Google has agreed to pay $700 million to settle allegations of anticompetitive practices related to its Android app store, Google Play. The settlement was reached with all 50 U.S. states, the District of Columbia, Puerto Rico, and the Virgin Islands. The allegations centered around Google’s practice of forcing developers to use its own payment system for in-app purchases, which charged a commission of between 15% and 30% per transaction. This practice was deemed anticompetitive as there were competing payment systems that charged lower commissions.
The settlement includes $630 million to compensate U.S. consumers who used the payment system within Google’s Play Store, and an additional $70 million to be paid to the states for penalties and other costs. Eligible consumers will receive at least $2, with additional payments depending on their spending on Google Play from August 16, 2016, through September 30, 2023.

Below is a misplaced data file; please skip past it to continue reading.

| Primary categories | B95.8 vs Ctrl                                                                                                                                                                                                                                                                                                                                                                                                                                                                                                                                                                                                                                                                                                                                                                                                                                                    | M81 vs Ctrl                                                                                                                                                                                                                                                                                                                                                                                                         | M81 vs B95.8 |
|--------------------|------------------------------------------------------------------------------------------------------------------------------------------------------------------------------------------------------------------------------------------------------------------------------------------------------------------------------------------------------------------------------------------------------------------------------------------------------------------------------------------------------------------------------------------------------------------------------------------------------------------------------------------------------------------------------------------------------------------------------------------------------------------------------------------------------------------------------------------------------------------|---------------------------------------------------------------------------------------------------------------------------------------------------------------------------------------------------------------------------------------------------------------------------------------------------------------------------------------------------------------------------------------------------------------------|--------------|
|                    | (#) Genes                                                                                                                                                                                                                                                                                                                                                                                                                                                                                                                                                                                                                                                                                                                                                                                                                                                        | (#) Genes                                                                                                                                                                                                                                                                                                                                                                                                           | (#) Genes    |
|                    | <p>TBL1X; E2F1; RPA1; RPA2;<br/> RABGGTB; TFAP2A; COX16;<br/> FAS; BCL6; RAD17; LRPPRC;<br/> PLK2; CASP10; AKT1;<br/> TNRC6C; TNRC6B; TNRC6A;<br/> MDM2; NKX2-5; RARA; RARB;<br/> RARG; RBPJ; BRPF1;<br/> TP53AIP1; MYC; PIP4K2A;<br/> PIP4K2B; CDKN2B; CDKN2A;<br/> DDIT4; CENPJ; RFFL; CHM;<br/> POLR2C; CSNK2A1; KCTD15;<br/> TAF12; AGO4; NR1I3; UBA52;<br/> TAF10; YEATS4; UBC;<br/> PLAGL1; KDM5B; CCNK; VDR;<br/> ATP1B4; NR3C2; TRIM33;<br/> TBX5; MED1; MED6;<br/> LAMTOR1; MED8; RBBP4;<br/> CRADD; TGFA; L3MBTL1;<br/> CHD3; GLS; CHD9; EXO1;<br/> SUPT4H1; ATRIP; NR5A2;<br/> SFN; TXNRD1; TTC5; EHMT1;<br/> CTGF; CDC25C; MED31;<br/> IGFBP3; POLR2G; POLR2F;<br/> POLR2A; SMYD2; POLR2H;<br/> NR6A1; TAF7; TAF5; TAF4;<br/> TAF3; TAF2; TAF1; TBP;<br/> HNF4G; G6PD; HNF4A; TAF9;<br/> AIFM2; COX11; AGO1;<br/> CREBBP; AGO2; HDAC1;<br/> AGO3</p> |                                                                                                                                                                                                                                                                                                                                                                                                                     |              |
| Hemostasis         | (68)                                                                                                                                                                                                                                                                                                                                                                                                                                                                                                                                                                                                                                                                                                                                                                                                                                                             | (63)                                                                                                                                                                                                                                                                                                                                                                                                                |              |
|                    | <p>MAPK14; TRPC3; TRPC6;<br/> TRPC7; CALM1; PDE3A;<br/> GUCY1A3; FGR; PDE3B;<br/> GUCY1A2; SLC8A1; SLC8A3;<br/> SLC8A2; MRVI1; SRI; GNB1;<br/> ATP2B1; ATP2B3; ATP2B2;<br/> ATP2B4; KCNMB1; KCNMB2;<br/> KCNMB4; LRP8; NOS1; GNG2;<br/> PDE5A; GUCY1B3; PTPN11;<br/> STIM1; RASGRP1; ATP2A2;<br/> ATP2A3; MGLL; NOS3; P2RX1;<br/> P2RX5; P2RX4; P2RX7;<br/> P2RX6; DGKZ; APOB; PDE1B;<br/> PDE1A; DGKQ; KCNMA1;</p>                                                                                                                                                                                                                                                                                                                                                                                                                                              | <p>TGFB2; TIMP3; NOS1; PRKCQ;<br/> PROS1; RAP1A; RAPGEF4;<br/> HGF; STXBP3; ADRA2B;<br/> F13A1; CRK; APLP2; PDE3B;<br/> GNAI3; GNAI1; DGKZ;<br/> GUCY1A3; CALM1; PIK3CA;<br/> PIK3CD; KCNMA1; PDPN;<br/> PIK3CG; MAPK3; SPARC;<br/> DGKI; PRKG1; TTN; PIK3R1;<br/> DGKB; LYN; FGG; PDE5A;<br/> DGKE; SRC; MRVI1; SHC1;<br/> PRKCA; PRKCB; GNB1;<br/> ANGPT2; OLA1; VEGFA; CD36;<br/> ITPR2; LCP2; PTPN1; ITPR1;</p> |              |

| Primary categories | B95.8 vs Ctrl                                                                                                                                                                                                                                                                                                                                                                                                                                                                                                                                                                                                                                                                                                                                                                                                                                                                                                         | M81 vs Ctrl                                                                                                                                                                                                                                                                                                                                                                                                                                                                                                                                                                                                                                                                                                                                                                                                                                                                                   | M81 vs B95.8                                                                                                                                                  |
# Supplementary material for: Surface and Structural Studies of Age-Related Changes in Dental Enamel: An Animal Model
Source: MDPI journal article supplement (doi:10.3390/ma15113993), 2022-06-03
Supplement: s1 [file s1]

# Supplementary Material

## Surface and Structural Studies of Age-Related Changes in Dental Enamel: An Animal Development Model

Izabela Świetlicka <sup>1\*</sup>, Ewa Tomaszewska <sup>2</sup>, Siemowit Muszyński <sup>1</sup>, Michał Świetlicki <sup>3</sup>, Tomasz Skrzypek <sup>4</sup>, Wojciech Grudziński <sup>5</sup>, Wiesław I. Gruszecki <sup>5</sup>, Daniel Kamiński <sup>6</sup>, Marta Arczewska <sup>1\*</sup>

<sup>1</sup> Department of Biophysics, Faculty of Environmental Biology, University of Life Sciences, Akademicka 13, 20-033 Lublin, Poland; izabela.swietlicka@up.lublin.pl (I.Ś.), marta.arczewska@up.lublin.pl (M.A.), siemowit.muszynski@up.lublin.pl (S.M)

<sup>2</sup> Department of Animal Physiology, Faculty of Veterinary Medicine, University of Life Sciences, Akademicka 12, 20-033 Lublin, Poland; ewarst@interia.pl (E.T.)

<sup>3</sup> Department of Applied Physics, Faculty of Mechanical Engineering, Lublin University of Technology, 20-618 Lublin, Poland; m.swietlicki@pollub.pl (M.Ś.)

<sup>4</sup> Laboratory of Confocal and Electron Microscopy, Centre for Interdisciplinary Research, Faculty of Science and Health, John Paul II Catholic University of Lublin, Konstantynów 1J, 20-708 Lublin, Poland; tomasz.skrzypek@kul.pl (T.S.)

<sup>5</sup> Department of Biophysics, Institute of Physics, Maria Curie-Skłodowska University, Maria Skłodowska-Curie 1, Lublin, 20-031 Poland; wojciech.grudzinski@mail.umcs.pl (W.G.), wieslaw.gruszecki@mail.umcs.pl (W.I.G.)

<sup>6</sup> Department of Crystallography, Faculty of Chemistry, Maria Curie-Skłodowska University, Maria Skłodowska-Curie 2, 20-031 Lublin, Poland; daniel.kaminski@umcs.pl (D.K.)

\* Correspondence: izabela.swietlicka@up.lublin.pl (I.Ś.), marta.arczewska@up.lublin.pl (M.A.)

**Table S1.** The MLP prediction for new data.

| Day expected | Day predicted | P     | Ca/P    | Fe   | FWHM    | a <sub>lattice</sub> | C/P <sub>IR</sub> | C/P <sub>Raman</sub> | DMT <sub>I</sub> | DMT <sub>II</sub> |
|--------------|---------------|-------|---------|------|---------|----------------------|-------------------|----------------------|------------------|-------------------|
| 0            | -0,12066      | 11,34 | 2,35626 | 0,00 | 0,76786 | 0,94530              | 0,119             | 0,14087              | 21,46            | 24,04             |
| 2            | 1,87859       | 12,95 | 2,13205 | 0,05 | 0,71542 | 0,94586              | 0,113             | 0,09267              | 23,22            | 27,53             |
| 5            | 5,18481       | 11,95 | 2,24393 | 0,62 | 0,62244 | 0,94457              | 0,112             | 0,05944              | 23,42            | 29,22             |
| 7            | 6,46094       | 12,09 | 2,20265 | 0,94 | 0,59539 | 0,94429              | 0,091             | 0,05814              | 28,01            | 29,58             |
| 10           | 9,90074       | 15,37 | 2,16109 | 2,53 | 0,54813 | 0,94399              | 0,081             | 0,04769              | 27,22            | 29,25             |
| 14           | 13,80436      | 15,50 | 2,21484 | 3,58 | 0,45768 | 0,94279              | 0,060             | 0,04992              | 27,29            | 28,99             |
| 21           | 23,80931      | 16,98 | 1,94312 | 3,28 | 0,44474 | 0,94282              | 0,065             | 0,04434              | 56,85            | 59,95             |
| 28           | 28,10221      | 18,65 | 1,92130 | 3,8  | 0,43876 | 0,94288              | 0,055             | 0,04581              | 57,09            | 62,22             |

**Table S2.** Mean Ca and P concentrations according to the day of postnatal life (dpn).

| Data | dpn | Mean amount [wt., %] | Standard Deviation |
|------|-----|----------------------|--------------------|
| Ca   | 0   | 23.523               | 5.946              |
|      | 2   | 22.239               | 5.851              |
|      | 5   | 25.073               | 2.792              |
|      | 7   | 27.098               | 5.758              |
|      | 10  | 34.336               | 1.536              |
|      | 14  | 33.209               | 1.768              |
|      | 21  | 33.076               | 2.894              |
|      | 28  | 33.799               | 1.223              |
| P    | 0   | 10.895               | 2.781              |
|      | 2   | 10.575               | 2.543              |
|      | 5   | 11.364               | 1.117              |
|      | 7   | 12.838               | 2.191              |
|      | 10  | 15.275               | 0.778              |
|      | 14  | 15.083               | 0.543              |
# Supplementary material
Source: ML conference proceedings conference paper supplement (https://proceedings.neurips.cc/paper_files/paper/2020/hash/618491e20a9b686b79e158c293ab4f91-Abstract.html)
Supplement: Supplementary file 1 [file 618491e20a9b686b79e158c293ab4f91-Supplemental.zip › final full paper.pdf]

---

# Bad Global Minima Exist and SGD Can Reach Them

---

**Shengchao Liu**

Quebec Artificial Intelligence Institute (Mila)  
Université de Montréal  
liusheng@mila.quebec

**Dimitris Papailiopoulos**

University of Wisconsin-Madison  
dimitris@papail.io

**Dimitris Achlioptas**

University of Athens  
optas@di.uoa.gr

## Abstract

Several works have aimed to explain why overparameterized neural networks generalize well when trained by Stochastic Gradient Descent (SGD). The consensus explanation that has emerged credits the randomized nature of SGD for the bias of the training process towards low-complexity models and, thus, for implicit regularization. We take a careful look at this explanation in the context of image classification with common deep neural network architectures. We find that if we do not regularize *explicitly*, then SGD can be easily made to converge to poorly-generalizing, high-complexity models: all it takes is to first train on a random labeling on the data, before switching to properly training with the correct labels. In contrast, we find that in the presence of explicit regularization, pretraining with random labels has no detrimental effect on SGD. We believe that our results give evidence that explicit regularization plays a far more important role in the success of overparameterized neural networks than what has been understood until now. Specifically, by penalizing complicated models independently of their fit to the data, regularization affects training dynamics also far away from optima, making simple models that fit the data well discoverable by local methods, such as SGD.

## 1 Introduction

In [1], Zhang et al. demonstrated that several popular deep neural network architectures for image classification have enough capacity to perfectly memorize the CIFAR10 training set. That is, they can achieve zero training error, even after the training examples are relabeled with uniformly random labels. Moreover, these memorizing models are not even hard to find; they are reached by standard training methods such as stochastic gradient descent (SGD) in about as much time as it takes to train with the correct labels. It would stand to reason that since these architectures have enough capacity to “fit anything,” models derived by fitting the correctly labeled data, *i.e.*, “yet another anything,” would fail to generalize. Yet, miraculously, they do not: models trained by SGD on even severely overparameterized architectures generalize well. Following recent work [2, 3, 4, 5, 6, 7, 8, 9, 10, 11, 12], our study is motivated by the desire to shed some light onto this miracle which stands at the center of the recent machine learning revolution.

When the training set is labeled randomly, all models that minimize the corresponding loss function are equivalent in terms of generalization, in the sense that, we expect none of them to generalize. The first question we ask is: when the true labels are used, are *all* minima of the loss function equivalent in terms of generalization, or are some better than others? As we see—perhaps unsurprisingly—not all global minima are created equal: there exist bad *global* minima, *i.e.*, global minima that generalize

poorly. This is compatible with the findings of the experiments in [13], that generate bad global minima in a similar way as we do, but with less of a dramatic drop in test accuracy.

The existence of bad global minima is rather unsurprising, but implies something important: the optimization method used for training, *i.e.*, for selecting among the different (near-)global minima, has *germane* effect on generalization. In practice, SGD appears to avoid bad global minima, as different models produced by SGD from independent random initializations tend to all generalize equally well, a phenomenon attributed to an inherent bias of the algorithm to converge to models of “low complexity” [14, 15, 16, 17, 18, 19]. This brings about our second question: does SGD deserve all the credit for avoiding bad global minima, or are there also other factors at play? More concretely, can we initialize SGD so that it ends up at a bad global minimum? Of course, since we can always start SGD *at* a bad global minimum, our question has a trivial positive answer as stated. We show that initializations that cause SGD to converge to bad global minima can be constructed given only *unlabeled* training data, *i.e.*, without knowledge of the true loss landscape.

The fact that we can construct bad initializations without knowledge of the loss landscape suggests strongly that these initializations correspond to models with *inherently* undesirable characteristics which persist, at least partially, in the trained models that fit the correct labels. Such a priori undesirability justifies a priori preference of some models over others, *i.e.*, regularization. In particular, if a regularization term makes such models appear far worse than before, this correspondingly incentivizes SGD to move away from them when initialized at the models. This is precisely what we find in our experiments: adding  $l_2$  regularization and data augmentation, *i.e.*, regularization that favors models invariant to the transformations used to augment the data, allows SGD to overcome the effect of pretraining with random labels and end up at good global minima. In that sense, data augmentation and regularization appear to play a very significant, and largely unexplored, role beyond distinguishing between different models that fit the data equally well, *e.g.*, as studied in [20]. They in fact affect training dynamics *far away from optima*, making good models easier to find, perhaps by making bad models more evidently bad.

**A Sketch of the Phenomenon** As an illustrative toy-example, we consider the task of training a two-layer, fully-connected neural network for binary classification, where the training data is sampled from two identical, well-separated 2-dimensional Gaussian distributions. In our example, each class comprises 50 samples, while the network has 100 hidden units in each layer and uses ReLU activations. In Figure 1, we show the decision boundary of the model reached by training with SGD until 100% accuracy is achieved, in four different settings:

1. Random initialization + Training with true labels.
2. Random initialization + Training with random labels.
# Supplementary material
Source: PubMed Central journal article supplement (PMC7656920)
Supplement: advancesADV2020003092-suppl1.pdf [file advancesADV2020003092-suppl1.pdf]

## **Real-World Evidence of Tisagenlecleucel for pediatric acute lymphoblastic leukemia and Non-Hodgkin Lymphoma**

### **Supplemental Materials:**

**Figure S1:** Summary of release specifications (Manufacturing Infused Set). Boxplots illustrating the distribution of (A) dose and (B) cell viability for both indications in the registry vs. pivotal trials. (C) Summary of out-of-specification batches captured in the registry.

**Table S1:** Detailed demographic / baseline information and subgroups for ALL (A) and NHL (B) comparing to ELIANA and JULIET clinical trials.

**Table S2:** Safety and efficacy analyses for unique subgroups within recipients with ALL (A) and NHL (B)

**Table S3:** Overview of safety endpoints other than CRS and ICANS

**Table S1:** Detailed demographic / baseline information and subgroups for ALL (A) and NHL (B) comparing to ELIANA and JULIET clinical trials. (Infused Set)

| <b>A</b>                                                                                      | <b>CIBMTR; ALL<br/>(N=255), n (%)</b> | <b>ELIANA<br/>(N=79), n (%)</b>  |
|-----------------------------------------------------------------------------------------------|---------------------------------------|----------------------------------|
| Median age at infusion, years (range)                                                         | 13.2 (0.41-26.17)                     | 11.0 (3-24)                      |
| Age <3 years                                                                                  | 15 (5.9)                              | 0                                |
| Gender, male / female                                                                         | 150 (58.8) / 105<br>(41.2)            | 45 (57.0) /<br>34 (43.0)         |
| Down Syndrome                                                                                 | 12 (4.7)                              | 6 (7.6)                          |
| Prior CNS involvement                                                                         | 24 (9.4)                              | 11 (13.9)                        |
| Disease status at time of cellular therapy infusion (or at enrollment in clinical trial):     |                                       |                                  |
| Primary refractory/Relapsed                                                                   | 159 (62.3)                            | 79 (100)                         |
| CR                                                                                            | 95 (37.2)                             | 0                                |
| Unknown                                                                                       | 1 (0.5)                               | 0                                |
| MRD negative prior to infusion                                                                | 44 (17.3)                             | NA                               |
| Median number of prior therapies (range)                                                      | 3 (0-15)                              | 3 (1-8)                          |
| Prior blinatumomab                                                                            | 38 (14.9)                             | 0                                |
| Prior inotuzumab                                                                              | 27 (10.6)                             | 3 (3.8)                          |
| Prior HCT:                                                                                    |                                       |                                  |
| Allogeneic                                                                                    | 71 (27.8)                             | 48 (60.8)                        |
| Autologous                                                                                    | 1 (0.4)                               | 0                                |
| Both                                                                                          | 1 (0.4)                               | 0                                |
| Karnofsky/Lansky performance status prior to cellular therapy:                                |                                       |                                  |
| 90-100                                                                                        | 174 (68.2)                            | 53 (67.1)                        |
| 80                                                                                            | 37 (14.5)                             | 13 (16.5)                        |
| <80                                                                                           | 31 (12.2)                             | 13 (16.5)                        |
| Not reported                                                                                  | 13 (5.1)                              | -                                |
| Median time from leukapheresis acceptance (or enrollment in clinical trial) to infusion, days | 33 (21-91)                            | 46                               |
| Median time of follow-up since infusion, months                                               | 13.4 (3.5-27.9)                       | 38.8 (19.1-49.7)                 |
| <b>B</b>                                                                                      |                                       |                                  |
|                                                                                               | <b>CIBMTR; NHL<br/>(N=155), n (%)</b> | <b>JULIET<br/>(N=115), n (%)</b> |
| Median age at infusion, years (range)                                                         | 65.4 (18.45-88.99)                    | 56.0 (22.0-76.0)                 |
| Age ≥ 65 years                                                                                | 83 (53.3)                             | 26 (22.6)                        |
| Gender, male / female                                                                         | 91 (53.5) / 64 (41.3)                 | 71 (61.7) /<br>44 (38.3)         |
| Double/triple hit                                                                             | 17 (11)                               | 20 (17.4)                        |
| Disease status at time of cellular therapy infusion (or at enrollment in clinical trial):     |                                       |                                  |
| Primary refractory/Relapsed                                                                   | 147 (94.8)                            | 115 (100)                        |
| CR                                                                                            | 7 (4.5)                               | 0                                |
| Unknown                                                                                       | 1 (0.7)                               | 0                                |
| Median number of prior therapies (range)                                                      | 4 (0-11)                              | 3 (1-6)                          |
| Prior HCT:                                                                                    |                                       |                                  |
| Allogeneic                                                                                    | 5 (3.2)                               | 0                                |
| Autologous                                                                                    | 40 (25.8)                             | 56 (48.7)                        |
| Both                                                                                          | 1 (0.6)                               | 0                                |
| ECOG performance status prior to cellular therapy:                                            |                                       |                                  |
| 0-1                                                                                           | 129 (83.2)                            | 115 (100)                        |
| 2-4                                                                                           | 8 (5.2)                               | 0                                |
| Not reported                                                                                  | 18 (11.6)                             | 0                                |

In addition to the monetary settlement, Google has agreed to make several changes to its practices. These include allowing developers to implement an alternative billing system, giving developers more flexibility to offer alternative payment choices, and reducing the number of security warnings issued when alternative choices are being used. Apps will also be able to promote lower prices available to consumers who choose an alternate payment system.
The settlement still requires final approval from a judge. The changes agreed upon by Google will be implemented from the date the settlement becomes effective.